Thursday, October 31, 2013

Awake in the Stars – In Memory of Sharon

Sharon Blasing was not always the simplest person to comprehend. Obscured inside a myriad of colorful euphemisms was an approach to life that inspired great consideration, and even more bewildering was the vast data bank of knowledge that permeated from her lips every time they spoke. Nomads wander through time and culture with rigorous intent to collect varying fractions of knowledge, but here was a lady that absorbed all of her surroundings (literal and figurative) like fruits of the Earth, and she did everything in her power to pay the wisdom forward. Sometimes it came out aggressively, and could open old wounds. But there was never malice in that conviction: only a desire to lift others, even if it meant making the journey more rigorous in the process.

These thoughts were not always easy to see, especially in the company of a woman whose external thought process possessed distinct flaws. There was stubbornness in her that was downright infuriating, especially when it came to health habits. She had chutzpah in asking favors, and it evolved often into audacity when they became unspoken expectations. I also recall a lot of heated discussions over politics that seemed ripe in misinformation, and it struck a nerve when she dismissed gay marriage as a “non issue” during the very tense 2012 presidential election. Her intention was never to offend or cause awkwardness, but sometimes those are natural in the face of dissonant perspectives about the world.

Monday, October 28, 2013

Bad Grandpa / *** (2013)

Mel Brooks once said that a good comedy requires no fewer than five big laughs. “Bad Grandpa,” the newest MTV film from the creators of “Jackass,” has exactly that many, with several minor chuckles in between. The first comes early on in the picture when the Grandpa character is conducting the eulogy at his wife’s funeral. Their daughter arrives, indicates she is going to prison for violating parole, and angrily insists on leaving her son behind in his care until the father can retrieve him. They banter back in forth with dialogue exchanges that are overheard in the other room via a microphone that remains turned on between them. Guests are shocked and outraged by some of the vulgar proclamations. And then grandpa returns to the room, shaken up, falls back and the open coffin collapses to the floor, which is then nervously played off by the choir breaking into a hymn while the old man dances with the body. In a traditional comedy this kind of audacity would have inspired guilt in those that found it amusing, but here is a movie that, like “Borat” and “Bruno,” uses its shame in a strategic illusion to get reactions out of unsuspecting victims. And the results are often incredibly funny.

Friday, October 25, 2013

Hostel / *** (2005)

Eli Roth’s “Hostel” is an agonizing experience to sit through – disheartening, unpleasant, bursting with torture, detached and harsh, and unrelenting in its passion for the horrific. To call it a challenge in the visual sense does not begin to explain its ability to completely rob you of the comfort of artifice; it so fully indulges in its reality that every cut, every bloodcurdling moment in which pain is inflicted on a number of unsuspecting victims, is felt rather than seen. That may rob the movie of repeat value even in the hands of audiences who willingly embrace this overzealous sub-genre of torture-driven horror, but it does provoke deeper considerations: in the hands of skilled filmmakers who know how to establish reason and perspective, can extreme visual depravity rise above its nature to merely sicken and appall? Like “Saw II” and “High Tension,” here is a movie that elicits a powerful reaction not simply because it goes for the hardcore, but because it has plausible justification for doing so.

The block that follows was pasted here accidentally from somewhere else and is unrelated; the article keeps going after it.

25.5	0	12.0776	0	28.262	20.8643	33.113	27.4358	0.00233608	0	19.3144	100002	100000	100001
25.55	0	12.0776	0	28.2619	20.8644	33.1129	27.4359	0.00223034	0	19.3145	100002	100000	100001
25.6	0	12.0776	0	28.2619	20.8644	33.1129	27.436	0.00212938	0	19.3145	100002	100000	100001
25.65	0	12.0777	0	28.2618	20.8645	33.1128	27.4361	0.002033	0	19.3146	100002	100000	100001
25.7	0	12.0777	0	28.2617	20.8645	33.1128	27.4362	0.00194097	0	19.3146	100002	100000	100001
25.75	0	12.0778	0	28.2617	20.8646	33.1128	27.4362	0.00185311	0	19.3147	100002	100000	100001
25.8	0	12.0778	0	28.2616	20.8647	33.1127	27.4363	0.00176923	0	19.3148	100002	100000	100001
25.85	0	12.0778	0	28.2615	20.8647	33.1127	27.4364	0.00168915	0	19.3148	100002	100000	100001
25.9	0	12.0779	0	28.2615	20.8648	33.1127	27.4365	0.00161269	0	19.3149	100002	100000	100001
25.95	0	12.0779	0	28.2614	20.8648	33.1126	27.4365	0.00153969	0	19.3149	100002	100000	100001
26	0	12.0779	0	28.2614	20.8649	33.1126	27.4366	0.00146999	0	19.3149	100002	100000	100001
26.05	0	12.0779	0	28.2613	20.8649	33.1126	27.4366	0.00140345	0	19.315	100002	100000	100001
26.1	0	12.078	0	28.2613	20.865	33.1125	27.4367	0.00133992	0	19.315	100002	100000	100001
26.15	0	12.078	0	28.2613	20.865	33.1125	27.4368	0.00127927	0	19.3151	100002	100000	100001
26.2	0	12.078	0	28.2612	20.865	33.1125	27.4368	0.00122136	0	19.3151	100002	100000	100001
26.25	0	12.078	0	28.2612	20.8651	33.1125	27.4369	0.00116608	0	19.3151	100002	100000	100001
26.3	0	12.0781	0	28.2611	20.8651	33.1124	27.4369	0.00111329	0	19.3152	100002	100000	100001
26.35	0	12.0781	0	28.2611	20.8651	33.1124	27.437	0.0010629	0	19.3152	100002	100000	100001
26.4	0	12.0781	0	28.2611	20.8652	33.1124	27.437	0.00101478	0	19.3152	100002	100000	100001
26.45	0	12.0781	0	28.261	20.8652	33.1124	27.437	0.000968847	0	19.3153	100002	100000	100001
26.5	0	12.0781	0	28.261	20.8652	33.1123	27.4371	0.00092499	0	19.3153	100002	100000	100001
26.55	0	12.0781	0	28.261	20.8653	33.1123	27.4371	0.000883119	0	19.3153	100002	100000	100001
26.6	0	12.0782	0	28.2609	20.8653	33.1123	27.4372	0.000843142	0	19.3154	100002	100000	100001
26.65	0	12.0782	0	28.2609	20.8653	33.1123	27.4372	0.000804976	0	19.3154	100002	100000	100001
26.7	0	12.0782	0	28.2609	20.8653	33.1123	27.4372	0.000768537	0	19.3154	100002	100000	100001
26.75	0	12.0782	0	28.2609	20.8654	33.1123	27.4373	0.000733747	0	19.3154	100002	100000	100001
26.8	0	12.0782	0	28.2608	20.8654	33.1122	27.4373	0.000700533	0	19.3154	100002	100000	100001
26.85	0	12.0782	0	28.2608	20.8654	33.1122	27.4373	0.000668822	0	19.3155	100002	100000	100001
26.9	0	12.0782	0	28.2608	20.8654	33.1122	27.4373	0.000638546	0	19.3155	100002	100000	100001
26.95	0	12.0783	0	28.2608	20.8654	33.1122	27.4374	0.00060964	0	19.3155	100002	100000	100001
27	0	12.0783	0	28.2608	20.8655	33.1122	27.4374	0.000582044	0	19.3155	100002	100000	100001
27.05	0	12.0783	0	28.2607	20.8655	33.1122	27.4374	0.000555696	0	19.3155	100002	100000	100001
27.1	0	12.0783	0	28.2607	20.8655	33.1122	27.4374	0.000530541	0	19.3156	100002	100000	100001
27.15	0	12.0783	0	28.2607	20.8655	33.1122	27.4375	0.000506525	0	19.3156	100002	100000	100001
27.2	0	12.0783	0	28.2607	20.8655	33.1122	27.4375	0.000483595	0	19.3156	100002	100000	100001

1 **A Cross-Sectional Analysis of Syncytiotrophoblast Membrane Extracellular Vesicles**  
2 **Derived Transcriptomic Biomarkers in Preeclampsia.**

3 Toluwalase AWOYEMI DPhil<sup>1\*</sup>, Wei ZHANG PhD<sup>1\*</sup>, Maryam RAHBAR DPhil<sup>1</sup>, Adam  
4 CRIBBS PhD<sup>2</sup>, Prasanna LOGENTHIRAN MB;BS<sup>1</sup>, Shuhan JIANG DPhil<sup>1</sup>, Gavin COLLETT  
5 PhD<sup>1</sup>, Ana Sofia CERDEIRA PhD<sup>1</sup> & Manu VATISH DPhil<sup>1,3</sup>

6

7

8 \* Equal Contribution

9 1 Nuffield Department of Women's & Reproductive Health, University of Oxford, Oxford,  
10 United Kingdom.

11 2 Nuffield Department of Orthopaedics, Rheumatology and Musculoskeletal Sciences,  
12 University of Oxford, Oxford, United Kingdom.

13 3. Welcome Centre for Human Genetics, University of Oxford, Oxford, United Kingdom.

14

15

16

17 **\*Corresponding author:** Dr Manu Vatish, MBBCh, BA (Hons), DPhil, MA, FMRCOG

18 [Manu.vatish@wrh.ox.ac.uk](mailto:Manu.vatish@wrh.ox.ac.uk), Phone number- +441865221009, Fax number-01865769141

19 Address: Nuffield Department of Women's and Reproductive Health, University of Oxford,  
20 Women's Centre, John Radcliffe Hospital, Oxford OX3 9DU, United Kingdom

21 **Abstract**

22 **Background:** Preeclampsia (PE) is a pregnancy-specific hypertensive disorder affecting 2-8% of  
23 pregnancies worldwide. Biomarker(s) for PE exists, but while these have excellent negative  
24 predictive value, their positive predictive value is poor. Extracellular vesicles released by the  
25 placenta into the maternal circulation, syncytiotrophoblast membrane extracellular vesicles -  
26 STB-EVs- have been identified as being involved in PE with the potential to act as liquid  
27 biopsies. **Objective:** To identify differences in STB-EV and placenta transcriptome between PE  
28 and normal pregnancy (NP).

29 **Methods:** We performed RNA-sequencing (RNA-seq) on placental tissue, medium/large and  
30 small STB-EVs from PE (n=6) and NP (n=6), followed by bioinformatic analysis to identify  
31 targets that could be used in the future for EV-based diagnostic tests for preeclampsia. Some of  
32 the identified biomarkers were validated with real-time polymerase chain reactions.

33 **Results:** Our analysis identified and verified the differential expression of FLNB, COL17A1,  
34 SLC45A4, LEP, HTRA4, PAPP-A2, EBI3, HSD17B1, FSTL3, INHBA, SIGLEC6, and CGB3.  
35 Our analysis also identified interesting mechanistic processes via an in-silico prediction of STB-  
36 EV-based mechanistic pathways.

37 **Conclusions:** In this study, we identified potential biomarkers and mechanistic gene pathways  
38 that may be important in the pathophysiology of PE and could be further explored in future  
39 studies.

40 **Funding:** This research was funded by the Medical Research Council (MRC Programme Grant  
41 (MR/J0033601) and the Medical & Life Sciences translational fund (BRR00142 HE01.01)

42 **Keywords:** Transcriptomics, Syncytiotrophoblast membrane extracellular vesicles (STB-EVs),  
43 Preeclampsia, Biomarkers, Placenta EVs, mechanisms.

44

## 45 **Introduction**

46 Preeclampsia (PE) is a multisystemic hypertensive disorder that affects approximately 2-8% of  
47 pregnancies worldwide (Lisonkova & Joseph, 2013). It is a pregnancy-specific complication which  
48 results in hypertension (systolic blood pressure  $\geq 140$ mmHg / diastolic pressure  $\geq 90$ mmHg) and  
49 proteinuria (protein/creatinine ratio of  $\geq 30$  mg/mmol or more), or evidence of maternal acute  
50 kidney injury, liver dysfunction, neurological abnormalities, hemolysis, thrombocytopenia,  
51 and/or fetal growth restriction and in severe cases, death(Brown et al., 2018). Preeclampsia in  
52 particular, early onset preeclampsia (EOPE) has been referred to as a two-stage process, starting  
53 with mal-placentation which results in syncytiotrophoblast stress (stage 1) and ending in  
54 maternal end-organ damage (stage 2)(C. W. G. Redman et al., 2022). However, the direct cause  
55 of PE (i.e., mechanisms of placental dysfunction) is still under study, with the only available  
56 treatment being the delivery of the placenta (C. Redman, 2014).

Tuesday, October 22, 2013

Apocalypto / **** (2006)

“A great civilization is not conquered from without until it has destroyed itself from within.”

There are a plethora of subtexts in Mel Gibson’s “Apocalypto” that come scurrying off the screen, but the most commanding of them is also the most subtle: the presence of a calm acceptance encasing the barbaric catastrophes of its characters. Movies often paint portraits of primitive cultures with certain detachment as a way of dealing with their tragedies, but here is a movie that skillfully masks its displacement with an air of alarming cognizance, as if to suggest the material is being viewed from human eyes rather than movie cameras. There is never a sense that what we are seeing is merely staged for an effect of shallow entertainment or even mere education, either. Gibson’s famous “Braveheart” and “The Passion of the Christ” embellish on these feelings, but here the concept arrives at the absolute center of its psychology, and doesn’t look back for any relief. Like a survivor of inconsolable suffering, the movie endures its findings even as they grow darker and more gratuitous. And after two long hours of simple people being victimized, humiliated and tortured beyond comprehension, we are left with a hard reality that points, alas, to a universal pattern amongst all civilization: no force between men is greater than violence, and those that endure do so because they reject fear in the face of immense pain.

Tuesday, October 15, 2013

Aliens / ***1/2 (1986)